response 14 2

I have 3 of my classmates posts. I need you to respond to each one separately. Also, one source at least for each one of them. Don’t write about how good their posts or how bad. All you need to do is to choose one point of the post and explore it a little bit with one source support for each response. The paper should be APA style.

the question was: How would you as an Emergency Manager:

  1. prevent corruption following a disaster;
  2. manage compound emergencies;
  3. ensure equality in assistance and relief distribution.

Choose one.

this is the 1st post from my classmate SAMI need to responded :

How an Emergency Manager can ensure equality in assistance and relief distribution

One of the roles of an Emergency Manager is to facilitate the equitable distribution of relief resources. In many cases, however, victims of disasters are not responded to and assisted equally. Disasters do not hit everyone in equal measure. Many times, vulnerable groups suffer more when disasters occur. Effective humanitarian aid, therefore, requires the Emergency Manager to pay keen attention to the factors that make specific populations vulnerable. Without this, some communities will be excluded from the response and recovery resources.

The Emergency Manager must have full knowledge of preexisting vulnerable groups. Vulnerable groups may include children, expectant mothers, senior persons, minority ethnic groups, impoverished persons, and prisoners. Vulnerable populations are often left out in government plans, and they are less likely to benefit from disaster response and recovery (Hoffman, 2008). Vulnerable populations often have preexisting conditions that expose them to the worst impacts of natural and human-made disasters. For example, older persons may not be able to run as fast, even if evacuation orders are issued. Children, too, may not even know when disasters hit. As a result, these populations are the hardest hit. To make sure these populations get a fair share of emergency support, the Emergency Manager must be aware of their existence, and he/she must have full knowledge of their locations and vulnerabilities.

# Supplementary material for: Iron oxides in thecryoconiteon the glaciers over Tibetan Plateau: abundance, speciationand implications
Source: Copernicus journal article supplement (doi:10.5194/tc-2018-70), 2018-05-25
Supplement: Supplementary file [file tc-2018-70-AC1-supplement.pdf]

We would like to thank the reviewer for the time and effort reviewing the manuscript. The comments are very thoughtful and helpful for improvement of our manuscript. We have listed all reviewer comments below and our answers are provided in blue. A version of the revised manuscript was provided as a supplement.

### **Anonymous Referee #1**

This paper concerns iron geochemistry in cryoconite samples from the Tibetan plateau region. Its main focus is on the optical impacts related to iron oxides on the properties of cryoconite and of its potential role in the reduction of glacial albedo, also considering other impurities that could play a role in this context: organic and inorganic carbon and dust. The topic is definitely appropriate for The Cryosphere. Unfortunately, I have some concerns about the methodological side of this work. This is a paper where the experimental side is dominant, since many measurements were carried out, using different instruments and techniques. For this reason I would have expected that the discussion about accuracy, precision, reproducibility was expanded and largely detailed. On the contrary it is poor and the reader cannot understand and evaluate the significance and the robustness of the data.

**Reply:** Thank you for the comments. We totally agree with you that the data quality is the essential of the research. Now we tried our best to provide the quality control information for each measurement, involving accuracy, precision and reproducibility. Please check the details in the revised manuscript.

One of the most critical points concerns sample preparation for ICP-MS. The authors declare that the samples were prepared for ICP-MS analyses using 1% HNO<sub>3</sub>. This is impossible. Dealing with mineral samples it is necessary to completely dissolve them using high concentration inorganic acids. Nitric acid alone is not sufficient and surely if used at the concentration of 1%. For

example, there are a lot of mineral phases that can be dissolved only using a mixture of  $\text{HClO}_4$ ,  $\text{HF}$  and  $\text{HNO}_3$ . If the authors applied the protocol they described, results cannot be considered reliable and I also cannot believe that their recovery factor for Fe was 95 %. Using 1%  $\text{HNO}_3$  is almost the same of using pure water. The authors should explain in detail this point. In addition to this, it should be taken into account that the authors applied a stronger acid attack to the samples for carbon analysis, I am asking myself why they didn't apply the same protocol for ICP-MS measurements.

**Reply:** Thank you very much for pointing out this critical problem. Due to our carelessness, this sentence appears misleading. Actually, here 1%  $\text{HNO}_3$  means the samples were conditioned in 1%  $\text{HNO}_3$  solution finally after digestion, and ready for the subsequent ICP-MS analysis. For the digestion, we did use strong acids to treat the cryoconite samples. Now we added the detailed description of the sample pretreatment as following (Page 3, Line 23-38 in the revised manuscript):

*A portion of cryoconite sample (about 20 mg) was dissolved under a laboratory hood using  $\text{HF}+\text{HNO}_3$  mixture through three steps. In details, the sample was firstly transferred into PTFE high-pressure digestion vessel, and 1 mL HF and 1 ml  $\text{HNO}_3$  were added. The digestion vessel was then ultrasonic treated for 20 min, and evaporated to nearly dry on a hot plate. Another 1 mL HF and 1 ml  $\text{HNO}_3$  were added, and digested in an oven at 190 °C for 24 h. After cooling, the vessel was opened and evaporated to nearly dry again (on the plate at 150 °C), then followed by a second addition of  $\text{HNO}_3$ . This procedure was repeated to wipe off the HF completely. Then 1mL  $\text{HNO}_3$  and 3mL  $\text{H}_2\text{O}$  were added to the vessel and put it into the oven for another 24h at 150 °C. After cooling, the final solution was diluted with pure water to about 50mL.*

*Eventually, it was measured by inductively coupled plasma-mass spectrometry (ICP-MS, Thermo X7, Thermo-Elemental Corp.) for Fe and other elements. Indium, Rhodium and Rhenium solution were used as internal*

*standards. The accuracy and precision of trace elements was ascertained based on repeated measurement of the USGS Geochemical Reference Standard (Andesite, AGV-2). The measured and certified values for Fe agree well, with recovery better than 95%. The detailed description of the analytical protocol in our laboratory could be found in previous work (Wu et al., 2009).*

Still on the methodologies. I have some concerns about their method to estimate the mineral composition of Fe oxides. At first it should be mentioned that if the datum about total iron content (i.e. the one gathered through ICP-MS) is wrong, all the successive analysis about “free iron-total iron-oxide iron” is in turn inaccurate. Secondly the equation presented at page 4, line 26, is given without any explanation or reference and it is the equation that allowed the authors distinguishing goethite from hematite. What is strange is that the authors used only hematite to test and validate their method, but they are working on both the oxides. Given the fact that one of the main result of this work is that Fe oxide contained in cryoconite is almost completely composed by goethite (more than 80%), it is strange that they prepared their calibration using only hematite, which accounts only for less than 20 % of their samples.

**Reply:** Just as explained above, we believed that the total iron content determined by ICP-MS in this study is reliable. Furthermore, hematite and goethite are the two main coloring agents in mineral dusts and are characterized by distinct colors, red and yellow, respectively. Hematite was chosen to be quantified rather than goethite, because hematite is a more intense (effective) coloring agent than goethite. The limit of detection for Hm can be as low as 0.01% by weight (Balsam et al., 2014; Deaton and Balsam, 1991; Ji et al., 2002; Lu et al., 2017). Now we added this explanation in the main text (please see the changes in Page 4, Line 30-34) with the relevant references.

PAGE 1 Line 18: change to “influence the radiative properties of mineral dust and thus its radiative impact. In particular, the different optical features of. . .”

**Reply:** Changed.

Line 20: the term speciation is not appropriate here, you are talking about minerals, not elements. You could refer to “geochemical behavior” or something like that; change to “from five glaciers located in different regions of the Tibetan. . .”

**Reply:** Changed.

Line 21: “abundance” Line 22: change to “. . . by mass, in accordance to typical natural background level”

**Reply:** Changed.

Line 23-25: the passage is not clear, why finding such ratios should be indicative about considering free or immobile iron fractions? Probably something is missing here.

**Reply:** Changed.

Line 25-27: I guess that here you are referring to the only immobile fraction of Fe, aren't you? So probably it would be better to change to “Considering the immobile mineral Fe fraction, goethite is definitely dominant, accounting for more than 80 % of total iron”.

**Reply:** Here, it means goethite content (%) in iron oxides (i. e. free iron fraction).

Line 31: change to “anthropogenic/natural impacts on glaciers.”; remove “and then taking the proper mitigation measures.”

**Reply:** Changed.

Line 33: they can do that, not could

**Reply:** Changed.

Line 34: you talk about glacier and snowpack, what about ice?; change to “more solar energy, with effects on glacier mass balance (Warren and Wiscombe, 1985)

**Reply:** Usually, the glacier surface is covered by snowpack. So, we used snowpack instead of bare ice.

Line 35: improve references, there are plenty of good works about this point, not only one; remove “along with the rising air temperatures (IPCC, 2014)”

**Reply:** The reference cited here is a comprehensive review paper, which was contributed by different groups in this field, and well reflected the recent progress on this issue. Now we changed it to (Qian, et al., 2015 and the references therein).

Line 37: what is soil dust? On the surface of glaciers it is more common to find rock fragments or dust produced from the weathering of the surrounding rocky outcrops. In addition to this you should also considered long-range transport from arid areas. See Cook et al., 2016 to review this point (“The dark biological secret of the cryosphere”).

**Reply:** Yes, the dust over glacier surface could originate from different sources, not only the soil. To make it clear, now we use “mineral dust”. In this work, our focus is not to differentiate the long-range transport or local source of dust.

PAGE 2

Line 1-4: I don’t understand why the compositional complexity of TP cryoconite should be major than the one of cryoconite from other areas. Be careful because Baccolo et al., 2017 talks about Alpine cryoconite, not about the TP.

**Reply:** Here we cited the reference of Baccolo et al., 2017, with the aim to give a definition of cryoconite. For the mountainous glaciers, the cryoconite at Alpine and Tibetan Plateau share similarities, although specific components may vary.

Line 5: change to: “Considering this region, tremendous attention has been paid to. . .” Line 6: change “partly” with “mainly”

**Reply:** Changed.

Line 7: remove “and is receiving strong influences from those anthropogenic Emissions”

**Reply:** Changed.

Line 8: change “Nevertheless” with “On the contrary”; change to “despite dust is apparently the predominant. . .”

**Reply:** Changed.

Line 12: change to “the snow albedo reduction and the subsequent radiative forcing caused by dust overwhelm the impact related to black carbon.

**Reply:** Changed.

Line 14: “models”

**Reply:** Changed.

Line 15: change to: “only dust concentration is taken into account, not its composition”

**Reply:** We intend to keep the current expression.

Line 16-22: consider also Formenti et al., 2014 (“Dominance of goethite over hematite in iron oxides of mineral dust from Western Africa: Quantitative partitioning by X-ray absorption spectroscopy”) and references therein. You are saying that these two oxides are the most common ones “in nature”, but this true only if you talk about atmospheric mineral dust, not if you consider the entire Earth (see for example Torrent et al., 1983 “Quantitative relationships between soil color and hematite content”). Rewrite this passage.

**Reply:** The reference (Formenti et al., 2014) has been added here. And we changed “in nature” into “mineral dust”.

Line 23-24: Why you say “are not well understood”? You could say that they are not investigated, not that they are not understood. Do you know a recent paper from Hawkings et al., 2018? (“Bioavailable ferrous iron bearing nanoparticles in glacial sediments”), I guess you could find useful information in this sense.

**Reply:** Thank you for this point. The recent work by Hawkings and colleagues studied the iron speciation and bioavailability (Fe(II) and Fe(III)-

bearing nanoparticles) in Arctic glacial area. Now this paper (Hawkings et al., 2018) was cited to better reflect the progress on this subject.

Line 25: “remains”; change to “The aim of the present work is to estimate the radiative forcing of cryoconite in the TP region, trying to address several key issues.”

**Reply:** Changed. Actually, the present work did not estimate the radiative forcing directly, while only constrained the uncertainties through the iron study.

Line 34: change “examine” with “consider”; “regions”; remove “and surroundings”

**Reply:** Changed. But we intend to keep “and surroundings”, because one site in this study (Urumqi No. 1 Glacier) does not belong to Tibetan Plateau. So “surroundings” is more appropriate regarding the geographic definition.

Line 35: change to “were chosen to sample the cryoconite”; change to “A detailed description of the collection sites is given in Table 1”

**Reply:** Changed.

Ensuring equal distribution of emergency resources goes beyond the identification of vulnerable populations. The needs of these groups must be determined within the broader framework of the aftermaths (Garcia-Ortega21 et al., n.d.). Equitable distribution of relief resources should bear in mind that these populations are hit heavily. Their post-disaster needs are, therefore, more than those of the general population. The Emergency Manager must develop a framework for ensuring the best outcome for the least well off (Hoffman, 2008). Affluent communities, for instance, may have money saved in banks, and they can afford to buy themselves food and other basic needs. Impoverished populations, however, may have nothing. Humanitarian aid must, therefore, determine a framework for delivering assistance to both communities. While the affluent people may only require emotional support and psychological help, the impoverished and marginalized populations may need food, medical care, and housing. The role of the Emergency Manager is to ensure every population gets the help it requires.